Thimphu Valley on a snowy winter day. Snowfall in the valleys are fairly uncommon as the snow line is much higher here in the eastern Himalayas than in the western Himalayan areas like Kashmir & Himachal in India.

    6892F7EA-DDB9-4074-992A-2F4F64DEAE04.jpeg
    3F4A6C6B-5B44-4C92-AAAD-353265039457.jpeg

    The fortress and watchtower (now museum) of Rinpung Dzong in Paro.
    #10
  11. 2wheelgrplr

    2wheelgrplr Adventurer

    Joined:
    Oct 17, 2013
    Oddometer:
    27
    As for must-visit places my own personal preferences are: Paro, Punakha, Bumthang and Phobjikha Valley. Then, time permitting you can visit the western region of Haa or far eastern Tashigang and Tashiyangtse, or southern Tsirang district. Some of these are restricted to outsiders, rules have been changing recently. You'll have to go with a tour operator, so they'll be able to help you best.

    Besides my buddy at Bhutan TUSK Motorcycle Tours, also check out another motorcyclist friend and his agency - Let's Travel Bhutan.
    #11
  12. Fishnbiker

    Fishnbiker Tire smuddy, hook swet

    Joined:
    Aug 6, 2005
    Oddometer:
    1,835
    Location:
    Campbell River, Vancouver Island, BC, Canada
    Wow! Thanks for all the photos & suggestions. Within reason, the money is not an issue. Will keep searching details. Still working on this trip but getting delayed as I am now planning a ride in Morocco with my son for Sept. this year. I have been there 5 times but never for Junior.

    Any suggestions on timing for best weather options or festivals?
    #12
  13. 2wheelgrplr

    2wheelgrplr Adventurer

    Joined:
    Oct 17, 2013
    Oddometer:
    27
    Best weather is usually Spring and Fall (of course!) but you can push into early Winter or portions of Summer months as the heaviest monsoon rains in most parts of Bhutan are usually in late Summer, I've found. Winter is coldest for a month or two, mid-December to February, but for a lot of folks from northern climes it isn't a deal breaker most times as often day times are cold but sunny, with only nights being freezing cold. Snow line is at a higher altitude as the eastern Himalayan belt where Bhutan lies is further south than the western Himalayan regions of Kashmir (Ladakh) and Himachal, thus snowfall is mostly on higher peaks. Heights of winter the roads passing through higher mountain passes will have snow and ice, but usually not for prolonged periods. Heavy rains during peak Monsoon (July to sometime in mid-September) and the consequent washed away roads, landslides, etc are more of a hassle.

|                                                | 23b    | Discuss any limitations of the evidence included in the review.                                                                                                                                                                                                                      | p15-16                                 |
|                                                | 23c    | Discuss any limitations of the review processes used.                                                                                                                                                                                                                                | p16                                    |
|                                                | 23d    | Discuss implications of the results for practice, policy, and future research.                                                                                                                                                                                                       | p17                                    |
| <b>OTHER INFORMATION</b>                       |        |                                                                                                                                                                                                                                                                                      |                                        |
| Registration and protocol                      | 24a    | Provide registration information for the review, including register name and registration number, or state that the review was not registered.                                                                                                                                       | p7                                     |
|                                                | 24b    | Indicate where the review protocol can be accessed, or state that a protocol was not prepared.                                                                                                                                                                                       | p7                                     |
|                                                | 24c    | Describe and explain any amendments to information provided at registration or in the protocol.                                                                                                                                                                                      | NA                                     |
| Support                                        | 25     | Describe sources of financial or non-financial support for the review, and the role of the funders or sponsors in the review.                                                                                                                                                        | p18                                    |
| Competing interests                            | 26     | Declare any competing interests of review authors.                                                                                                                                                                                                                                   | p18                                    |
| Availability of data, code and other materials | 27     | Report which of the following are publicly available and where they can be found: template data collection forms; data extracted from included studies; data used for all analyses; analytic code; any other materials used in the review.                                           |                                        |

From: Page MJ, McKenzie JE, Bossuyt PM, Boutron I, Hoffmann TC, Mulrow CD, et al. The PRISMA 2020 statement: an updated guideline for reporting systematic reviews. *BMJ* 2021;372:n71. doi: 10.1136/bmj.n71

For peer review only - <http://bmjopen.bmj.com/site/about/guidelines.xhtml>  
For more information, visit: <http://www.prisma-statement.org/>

Festivals (Tshechu) are scattered throughout the months in different provinces, but the big ones are the Paro and Punakha ones in Spring (late Feb - March) and the Thimphu Tshechu in the Fall (September). Exact dates vary year by year as they go by the Lunar calendar. These are well worth the visit, especially for those keen on a rich, authentic, genuine, cultural experience. Prepare in advance though, infrastructure is still low and during festival times the hotels, home-stays, etc get filled to the brim.
    #13
    Fishnbiker likes this.
  14. Syanur

    Syanur Been here awhile

    Joined:
    May 11, 2012
    Oddometer:
    125
    No way.... this is not true, even not close.

    Anyway, Bhutan is not letting foreigners to come along like the other countries. Coming with travel agency and "all included package" is mandatory. Disturbing policy from a very nice country, sad....
    #14